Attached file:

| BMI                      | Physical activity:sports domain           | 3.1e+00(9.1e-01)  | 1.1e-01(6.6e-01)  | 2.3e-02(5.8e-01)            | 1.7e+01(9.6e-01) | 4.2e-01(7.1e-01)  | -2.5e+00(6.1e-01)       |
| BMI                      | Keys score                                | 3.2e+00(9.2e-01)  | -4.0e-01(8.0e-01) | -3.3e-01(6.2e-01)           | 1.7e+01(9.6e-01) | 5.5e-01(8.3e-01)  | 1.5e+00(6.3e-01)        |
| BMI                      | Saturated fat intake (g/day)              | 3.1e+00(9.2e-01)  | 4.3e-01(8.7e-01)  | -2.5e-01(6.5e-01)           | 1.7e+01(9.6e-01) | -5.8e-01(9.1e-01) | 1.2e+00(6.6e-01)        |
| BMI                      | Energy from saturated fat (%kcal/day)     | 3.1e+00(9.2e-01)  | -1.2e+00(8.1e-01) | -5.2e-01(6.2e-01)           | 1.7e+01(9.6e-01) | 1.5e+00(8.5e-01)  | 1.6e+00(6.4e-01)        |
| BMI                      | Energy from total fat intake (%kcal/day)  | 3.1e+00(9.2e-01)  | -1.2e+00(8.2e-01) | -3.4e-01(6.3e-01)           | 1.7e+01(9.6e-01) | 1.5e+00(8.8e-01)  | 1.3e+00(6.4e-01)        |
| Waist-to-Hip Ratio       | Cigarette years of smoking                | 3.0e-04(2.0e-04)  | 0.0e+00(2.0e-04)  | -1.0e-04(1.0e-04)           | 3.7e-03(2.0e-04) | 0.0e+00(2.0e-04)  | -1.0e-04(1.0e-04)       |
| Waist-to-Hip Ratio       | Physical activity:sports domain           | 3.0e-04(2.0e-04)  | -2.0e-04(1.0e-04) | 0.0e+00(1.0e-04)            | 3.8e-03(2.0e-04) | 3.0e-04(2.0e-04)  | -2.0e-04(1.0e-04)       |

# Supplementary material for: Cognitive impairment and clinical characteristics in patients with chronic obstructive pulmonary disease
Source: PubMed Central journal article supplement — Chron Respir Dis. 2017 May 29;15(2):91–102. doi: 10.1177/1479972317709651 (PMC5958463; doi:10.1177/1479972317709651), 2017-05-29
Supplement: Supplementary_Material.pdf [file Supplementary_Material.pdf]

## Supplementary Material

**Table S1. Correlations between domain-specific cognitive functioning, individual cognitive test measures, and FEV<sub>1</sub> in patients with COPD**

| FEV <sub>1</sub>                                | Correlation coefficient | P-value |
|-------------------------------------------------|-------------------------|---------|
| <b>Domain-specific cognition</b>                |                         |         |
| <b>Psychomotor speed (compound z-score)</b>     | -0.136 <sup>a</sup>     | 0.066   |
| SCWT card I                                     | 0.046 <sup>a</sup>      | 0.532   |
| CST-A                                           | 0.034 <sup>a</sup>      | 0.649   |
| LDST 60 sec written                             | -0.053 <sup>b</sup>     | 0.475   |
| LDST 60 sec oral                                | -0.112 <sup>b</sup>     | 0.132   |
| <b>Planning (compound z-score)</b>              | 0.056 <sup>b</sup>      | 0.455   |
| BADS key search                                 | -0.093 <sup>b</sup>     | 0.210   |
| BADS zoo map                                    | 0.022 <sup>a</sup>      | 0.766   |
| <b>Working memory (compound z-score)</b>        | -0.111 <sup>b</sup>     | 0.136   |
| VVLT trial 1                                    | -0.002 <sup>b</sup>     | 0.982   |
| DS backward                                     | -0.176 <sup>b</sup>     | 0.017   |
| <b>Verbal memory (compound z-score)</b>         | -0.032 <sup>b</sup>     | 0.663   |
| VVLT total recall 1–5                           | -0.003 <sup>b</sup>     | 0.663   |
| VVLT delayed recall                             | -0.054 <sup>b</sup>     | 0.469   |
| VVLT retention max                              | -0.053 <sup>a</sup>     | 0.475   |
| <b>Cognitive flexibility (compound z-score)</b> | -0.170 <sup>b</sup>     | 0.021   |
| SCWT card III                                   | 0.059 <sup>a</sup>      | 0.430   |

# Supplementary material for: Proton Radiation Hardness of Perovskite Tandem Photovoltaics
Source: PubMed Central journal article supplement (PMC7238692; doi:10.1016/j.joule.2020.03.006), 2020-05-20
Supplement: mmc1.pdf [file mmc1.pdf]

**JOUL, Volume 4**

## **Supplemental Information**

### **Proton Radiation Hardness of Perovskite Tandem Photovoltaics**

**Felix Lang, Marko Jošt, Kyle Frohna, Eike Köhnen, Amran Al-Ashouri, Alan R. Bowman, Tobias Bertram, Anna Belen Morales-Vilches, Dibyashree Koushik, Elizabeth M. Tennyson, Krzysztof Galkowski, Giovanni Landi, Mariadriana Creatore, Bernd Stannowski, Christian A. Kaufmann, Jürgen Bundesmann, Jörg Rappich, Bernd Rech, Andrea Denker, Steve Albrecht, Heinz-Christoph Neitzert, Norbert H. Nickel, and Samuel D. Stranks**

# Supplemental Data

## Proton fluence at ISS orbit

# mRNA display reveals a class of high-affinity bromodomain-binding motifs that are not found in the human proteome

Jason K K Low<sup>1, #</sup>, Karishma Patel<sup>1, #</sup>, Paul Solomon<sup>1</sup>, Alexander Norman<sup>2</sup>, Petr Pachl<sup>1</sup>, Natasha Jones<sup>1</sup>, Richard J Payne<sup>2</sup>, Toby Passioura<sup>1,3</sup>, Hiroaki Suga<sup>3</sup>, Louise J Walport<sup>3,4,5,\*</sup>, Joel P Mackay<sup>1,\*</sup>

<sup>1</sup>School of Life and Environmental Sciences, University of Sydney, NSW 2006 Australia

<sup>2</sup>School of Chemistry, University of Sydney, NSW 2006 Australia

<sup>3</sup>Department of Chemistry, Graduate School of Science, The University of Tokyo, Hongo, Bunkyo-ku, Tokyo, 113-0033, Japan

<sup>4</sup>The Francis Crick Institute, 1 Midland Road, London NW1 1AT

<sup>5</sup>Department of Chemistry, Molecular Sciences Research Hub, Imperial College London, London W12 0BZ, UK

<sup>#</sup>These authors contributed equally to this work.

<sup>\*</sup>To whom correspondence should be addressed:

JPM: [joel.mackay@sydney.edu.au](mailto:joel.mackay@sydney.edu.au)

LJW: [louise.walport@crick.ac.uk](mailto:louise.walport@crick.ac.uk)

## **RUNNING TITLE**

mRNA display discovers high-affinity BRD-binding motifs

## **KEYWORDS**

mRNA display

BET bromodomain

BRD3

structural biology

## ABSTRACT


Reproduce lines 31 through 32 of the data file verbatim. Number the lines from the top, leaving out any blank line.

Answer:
| <b>Cognitive flexibility (compound z-score)</b> | -0.170 <sup>b</sup>     | 0.021   |
| SCWT card III                                   | 0.059 <sup>a</sup>      | 0.430   |